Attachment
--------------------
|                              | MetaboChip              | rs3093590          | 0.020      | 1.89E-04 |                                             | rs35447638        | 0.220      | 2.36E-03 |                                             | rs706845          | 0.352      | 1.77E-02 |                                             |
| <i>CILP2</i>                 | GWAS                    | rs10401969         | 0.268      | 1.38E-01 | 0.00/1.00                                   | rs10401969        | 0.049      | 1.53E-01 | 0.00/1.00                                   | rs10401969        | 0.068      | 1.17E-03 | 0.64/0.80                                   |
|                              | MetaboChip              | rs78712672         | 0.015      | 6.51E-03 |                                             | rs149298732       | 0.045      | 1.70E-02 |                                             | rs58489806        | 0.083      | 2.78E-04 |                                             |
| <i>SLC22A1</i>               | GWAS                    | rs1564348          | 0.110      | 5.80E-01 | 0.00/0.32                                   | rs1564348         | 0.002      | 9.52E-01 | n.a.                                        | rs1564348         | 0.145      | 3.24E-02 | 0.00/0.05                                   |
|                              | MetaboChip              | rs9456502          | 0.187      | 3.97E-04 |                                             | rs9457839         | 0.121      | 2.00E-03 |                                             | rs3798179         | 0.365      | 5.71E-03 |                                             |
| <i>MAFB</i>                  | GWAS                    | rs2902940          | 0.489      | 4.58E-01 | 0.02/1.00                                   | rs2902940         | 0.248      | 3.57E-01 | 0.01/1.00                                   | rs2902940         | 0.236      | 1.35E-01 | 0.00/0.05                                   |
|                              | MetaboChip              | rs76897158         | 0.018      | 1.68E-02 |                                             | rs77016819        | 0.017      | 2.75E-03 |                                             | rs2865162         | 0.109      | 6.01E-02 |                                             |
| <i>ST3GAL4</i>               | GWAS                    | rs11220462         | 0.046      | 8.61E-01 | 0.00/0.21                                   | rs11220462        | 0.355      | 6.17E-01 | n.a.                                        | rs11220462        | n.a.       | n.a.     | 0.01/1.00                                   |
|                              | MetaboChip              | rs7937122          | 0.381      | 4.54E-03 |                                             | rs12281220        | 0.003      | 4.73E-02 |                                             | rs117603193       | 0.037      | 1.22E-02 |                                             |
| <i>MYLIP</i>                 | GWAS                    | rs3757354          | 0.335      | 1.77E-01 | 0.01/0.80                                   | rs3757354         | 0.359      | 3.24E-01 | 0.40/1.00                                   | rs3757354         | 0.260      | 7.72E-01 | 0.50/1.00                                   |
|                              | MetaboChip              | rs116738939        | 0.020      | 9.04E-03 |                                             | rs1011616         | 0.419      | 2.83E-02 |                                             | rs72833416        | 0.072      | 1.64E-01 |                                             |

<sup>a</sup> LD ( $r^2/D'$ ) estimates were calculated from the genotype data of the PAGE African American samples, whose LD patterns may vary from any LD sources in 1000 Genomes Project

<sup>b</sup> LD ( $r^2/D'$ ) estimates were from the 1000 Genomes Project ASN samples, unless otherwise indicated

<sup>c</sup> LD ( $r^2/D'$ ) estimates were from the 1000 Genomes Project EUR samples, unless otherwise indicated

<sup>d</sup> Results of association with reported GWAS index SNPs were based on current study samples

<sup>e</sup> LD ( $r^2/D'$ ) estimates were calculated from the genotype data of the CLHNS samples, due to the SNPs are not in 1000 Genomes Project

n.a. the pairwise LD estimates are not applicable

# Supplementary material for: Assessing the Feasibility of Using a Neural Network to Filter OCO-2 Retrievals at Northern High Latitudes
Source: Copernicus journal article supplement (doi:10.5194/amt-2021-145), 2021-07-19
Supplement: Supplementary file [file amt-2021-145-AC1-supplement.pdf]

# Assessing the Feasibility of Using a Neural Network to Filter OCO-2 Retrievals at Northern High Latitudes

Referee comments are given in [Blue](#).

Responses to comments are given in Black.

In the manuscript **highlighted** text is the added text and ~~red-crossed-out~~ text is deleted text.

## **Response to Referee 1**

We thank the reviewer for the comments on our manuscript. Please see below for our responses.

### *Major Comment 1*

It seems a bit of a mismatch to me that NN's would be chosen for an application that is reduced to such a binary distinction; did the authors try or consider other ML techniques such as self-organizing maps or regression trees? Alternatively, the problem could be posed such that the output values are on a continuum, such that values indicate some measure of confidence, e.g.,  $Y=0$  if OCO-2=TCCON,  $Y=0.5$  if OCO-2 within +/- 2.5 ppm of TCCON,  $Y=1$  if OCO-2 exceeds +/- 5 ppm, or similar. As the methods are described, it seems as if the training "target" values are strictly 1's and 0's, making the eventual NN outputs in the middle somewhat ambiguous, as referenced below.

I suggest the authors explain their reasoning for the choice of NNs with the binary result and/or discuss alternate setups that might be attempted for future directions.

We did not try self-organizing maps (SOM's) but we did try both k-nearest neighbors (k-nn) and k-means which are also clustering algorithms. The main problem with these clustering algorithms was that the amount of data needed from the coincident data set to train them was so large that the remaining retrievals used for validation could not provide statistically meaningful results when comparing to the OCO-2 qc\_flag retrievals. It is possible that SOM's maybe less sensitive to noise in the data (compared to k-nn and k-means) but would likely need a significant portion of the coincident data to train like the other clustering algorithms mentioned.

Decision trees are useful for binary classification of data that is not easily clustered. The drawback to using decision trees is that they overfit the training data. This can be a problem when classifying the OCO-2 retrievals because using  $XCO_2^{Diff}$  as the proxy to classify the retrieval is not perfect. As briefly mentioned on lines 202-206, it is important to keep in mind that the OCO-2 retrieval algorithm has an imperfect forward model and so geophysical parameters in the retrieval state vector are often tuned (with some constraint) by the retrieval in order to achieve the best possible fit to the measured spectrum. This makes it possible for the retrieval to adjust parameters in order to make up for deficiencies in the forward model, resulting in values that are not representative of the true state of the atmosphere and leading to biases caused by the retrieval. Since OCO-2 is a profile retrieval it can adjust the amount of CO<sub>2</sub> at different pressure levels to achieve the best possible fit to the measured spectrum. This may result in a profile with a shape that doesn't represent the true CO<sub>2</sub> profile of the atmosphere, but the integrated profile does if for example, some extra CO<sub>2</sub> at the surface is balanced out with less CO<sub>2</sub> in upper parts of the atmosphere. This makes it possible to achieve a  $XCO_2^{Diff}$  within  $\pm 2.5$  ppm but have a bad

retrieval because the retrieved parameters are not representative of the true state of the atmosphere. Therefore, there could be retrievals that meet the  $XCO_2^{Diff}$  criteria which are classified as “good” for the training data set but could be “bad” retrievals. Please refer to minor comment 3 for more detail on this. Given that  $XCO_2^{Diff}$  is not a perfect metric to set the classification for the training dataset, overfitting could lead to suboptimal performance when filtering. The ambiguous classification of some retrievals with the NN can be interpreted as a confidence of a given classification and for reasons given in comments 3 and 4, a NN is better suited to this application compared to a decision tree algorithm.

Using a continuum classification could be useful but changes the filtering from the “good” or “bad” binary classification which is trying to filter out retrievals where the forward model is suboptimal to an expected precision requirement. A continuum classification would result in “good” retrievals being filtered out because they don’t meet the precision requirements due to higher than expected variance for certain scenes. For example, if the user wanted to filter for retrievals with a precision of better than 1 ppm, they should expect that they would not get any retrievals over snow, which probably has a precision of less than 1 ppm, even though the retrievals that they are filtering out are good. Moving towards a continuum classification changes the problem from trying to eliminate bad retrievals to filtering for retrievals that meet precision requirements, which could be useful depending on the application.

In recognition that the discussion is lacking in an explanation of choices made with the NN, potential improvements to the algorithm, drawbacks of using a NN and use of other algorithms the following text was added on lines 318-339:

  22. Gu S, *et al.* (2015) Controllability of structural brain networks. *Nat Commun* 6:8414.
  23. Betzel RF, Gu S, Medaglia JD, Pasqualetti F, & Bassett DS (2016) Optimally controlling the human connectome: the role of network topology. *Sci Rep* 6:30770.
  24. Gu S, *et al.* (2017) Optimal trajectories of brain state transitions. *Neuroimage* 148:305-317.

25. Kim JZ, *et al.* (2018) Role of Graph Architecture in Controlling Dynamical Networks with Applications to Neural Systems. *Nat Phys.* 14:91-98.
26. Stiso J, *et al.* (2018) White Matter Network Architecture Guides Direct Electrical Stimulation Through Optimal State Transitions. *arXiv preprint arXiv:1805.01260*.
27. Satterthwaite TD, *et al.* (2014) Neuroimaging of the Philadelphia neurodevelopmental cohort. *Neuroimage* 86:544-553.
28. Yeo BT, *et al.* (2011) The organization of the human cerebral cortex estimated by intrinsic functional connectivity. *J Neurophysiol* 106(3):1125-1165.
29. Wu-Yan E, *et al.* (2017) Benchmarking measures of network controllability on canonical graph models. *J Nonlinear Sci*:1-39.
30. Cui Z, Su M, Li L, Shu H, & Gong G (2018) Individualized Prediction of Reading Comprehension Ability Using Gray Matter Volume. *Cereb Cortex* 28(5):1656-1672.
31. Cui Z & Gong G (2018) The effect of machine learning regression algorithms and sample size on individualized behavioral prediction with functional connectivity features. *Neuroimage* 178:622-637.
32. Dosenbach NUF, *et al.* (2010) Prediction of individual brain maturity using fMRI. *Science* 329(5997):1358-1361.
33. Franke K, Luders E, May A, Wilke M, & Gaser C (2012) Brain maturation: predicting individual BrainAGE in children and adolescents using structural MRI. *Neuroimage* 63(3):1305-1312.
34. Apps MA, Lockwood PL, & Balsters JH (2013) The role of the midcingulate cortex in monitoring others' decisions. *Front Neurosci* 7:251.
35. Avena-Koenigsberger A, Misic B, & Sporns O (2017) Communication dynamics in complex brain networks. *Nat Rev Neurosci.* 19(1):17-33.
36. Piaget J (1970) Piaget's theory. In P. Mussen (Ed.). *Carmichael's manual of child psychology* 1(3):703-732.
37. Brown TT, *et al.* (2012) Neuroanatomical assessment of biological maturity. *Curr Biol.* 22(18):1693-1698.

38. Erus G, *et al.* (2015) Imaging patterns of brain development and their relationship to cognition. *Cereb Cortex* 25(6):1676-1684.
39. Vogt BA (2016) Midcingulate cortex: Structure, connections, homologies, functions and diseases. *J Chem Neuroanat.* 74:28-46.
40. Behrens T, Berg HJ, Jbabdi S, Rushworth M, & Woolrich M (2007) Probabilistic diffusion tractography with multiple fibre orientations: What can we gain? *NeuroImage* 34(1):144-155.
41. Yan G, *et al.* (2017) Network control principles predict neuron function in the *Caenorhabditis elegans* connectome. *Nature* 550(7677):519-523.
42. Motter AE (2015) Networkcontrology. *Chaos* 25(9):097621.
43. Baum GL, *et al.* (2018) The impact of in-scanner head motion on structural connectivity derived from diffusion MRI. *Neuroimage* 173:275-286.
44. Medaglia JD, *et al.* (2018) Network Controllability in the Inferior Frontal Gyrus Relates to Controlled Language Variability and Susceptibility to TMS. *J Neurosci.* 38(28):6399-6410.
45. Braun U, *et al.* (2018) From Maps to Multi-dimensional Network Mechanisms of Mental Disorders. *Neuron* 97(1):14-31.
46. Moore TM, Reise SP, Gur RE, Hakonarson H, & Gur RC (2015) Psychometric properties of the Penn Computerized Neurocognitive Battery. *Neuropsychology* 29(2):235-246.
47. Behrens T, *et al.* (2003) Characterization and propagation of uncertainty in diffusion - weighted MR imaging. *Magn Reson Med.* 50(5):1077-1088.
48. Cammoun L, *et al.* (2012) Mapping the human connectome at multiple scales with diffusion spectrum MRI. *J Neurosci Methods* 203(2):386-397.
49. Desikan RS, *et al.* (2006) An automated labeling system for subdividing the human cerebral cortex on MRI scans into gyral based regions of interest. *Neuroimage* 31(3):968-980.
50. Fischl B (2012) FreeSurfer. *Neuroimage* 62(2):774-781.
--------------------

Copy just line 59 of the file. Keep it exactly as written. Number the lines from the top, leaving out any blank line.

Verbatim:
46. Moore TM, Reise SP, Gur RE, Hakonarson H, & Gur RC (2015) Psychometric properties of the Penn Computerized Neurocognitive Battery. *Neuropsychology* 29(2):235-246.